Monday, May 14, 2012

Tips on How to Enjoy a Foreign Film for Those Who Avoid Them

By Ed Garea

By now, you probably noticed that I include a lot of foreign films in my recommendations. One reason is because TCM shows the cream of the crop as far as these films are concerned, so the chances of watching a dog are slim. But still, a lot of us have trouble with foreign films. It’s not only the irritation of “reading a film,” (subtitles) but also the fact that European films are paced differently than American films, and they seem to appeal to a different cultural viewpoint than do American films. (Actually they don’t. Compare any great foreign film to a similar American film and you’ll find the plots and concern of each film are practically the same.) I sympathize with your plight and would like to make the following suggestion:

Begin with an American director, specifically one like Jules Dassin, who was blacklisted here and went to England. Dassin directed such noir classics here as Brute Force and Thieves Highway. He also made the splendid Naked City, the charming The Canterville Ghost and the ultimate Conrad Veidt movie – Nazi Agent. The movie by Dassin I would recommend is Rififi, a personal favorite. If you liked The Asphalt Jungle, you’ll love Rififi, which is even more hard-boiled than The Asphalt Jungle (if such as thing is possible). Both films have basically the same plot: the “perfect” jewel heist. But, of course, things always go wrong, and it is in how they go wrong that gives each film its appeal. Rififi moves at a quick pace, leaving the viewer little time to catch his breath. One thing it will not do is disappoint; on the contrary, it will give you a solid introduction to French films.

Then perhaps give Louis Malle a try. Malle employs a distinctly American style in his films, and as he progressed he moved to Hollywood, where he made such films as Pretty Baby, the brooding Atlantic City (with a great performance by Burt Lancaster as an angst-ridden small-time hood), and the vastly underrated My Dinner With Andre, which proved that the art of conversation is not yet dead. The film I would recommend from Malle is Elevator to the Gallows (aka Frantic). I mistakenly thought I was watching this for the first time when, about five minutes into it, I realized that I was watching Frantic, the title chosen when the film, made in 1958, was released in the U.S. in 1962. It was given the title to ride the tide created by Psycho. However, no matter what the title, the truth is that this is an extraordinarily crafted film about the perfect crime and why just one tiny overlooked part can lead not only to the failure of the scheme, but the apprehension of all involved.

Finally, if you love the movies of Quentin Tarantino and want to see from whom he stole, try Bande a Part (released here as Band of Outsiders) by Jean-Luc Godard. Listen to this plot: Arthur and Franz, two crooks with a fondness for old Hollywood B-movies and mimic tough guys (even to the point of acting out scenes) meet Odile (Anna Karina - the then Mme. Godard) in an English class. They learn she lives in nearby Joinville with wealthy benefactors, and that one of them keeps a pile of 10,000 franc notes unlocked in his room. They pressure her to assist them in a burglary while making passes towards her at the same time, with the result that she’s alternately compliant and distressed. Watch for the amazing dance sequence with the three of them in a cafeteria. John Travolta and Uma Thurman perform the same in Pulp Fiction. This film is low budget and looks it, but Godard works best with low-budget movies, as witness his Breathless, another must see. (However, try watching this before viewing the remake with Richard Gere.)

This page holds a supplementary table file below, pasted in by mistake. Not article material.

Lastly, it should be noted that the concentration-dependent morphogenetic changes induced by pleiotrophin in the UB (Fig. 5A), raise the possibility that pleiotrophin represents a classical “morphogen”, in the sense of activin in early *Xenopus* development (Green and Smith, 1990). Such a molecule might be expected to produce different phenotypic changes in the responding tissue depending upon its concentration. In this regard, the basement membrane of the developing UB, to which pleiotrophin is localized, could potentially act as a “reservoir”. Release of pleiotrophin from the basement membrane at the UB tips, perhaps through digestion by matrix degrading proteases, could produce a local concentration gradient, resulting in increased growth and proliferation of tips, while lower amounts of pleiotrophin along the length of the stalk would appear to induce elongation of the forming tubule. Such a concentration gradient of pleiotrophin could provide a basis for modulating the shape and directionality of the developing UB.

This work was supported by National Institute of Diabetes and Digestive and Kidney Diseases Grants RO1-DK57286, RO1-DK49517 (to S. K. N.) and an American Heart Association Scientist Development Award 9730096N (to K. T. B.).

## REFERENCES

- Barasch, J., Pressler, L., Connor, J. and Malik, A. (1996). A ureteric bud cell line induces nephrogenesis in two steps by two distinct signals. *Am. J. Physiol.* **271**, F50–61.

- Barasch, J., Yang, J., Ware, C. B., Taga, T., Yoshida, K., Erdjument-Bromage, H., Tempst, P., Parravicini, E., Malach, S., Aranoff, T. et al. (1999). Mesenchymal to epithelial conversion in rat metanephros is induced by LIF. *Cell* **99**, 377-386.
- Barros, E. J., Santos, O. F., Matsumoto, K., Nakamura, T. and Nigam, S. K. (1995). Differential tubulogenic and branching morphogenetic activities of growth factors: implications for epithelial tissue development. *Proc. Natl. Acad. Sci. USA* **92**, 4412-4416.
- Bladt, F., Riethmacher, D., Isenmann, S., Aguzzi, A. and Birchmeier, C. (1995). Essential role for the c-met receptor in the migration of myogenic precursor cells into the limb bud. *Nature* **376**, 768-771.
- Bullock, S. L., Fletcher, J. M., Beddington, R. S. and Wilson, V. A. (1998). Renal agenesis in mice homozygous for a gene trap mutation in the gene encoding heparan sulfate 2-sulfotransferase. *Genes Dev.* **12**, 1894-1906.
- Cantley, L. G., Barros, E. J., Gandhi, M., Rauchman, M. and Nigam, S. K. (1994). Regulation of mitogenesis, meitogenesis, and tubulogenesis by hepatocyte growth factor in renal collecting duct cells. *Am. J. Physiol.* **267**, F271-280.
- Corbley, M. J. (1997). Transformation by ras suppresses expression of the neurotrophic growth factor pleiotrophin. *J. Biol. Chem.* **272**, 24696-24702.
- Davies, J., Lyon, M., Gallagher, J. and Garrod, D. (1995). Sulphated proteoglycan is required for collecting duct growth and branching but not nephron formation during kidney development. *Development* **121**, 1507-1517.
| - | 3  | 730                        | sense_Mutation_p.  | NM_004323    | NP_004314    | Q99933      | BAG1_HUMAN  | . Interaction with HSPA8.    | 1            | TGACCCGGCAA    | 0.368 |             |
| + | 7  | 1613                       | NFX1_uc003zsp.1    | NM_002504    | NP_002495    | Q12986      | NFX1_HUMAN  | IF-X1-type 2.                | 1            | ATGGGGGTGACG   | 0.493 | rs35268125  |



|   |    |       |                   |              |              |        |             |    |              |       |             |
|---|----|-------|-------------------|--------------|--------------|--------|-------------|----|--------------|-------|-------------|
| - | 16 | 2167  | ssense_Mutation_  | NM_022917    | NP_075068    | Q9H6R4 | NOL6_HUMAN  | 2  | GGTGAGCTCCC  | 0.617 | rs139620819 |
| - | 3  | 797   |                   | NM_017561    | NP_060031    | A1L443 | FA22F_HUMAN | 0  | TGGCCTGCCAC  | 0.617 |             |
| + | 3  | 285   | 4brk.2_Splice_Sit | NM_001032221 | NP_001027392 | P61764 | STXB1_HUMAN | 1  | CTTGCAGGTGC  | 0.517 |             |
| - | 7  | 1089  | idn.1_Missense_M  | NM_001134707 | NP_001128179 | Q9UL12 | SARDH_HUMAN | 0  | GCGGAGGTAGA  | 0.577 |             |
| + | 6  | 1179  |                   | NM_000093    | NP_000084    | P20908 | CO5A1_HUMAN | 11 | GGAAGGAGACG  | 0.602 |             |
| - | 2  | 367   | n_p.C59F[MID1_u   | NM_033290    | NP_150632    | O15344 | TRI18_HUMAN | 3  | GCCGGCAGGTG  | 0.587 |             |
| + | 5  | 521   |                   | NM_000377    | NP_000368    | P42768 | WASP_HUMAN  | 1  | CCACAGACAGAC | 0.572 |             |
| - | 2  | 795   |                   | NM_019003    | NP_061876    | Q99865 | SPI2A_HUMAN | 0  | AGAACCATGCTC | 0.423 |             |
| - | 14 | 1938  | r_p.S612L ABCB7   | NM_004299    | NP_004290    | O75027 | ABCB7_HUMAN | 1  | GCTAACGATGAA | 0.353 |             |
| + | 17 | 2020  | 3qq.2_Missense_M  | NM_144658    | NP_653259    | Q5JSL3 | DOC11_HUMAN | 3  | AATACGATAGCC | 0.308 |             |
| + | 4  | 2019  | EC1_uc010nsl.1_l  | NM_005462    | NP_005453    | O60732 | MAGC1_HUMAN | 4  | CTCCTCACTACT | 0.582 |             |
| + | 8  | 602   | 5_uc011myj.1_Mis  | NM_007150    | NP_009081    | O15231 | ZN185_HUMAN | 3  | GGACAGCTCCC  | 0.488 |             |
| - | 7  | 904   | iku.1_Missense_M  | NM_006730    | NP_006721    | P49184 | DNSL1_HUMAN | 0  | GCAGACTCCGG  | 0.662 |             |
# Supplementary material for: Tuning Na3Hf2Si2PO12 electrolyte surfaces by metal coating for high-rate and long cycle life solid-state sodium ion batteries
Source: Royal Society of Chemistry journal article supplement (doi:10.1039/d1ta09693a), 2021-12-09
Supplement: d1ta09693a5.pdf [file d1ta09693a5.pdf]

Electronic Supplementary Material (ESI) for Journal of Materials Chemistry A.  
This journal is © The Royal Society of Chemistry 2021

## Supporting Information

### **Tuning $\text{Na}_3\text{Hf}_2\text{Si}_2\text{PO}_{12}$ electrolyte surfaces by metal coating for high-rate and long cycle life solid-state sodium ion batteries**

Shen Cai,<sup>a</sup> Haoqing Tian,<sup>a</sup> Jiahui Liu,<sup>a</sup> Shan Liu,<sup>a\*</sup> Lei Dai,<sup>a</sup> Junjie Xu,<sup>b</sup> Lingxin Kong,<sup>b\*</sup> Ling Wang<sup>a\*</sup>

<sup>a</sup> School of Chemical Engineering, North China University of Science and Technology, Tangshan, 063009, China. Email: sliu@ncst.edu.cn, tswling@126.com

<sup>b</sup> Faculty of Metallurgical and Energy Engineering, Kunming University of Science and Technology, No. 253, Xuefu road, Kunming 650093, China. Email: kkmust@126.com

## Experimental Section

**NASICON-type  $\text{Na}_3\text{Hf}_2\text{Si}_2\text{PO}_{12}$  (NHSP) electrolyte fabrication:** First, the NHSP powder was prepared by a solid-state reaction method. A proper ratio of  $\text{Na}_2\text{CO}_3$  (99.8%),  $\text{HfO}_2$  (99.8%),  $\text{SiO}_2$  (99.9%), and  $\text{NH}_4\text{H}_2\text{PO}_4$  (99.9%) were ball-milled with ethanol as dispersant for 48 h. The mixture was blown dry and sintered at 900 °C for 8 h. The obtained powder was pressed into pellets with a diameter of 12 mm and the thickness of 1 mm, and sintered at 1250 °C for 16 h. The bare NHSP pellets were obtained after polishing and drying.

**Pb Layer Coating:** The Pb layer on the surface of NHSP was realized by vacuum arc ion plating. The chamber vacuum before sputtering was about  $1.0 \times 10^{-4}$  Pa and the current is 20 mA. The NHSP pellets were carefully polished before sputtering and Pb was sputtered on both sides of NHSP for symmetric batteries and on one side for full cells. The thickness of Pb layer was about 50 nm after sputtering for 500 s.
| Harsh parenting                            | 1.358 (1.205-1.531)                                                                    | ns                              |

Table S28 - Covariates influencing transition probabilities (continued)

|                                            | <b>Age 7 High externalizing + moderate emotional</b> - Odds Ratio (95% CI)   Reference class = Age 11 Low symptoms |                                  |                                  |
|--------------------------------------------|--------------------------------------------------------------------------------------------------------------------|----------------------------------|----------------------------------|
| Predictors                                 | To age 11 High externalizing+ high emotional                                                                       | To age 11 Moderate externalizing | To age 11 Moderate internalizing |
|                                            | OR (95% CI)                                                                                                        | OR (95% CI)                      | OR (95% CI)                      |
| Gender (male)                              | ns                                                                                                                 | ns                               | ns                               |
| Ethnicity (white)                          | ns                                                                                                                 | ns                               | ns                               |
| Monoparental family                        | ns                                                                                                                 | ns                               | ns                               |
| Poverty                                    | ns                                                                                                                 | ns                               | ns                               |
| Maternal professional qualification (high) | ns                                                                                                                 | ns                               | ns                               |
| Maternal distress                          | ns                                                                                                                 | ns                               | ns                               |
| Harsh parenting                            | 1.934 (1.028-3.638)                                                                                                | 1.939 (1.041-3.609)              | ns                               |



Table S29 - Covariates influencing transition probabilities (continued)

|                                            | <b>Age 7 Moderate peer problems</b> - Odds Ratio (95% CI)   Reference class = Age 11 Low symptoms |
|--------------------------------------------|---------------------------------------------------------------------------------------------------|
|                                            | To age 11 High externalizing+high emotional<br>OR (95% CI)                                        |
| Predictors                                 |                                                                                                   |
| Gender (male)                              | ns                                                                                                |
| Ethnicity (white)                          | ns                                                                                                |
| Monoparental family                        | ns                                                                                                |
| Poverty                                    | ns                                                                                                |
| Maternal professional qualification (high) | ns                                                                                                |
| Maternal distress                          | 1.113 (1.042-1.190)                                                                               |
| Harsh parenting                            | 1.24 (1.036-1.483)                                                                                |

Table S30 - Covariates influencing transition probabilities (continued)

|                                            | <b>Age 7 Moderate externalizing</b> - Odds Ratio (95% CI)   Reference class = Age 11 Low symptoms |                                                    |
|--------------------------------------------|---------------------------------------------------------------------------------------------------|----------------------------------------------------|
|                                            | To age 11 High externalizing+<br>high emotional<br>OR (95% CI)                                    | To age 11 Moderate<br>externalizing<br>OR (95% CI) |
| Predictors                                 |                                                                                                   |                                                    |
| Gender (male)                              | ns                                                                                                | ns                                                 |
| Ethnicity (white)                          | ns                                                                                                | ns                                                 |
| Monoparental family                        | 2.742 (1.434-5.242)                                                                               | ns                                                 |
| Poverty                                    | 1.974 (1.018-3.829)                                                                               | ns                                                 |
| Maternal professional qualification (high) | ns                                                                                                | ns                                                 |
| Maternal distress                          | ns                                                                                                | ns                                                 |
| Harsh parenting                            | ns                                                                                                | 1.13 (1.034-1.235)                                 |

Once you begin to become comfortable, expand your range to other directors. Federico Fellini has many things to offer. He is a bit “talky,” but his style has become so copied in this country that watching his films no longer requires a cultural “quantum” leap.

The same with Bergman, whose style Woody Allen has copied over the years. You may not be awed with Japanese Samurai films; I’m certainly not, but then I’m not a really big fan of Westerns, and that is what the Samurai film translates to in this country. Change, though always slow, is coming to film audiences. I’ve noticed the overwhelming positive acceptance and crossover appeal of films like The Joy Luck Club and Ang Lee’s Taiwanese comedies, Eat Drink Man Woman, and The Wedding Banquet. In fact, Lee has become so successful at what he does that he also directed two mainstream Hollywood films: Sense and Sensibility and Brokeback Mountain.

In other words, it’s best not to think of films from other countries as being “foreign.” Their themes and styles are just like ours, only the actors are different (in most cases). One thing you may try that will help with subtitles is to activate the closed captioning option on your remote. Then, after a while, subtitles will no longer seem so imposing. 

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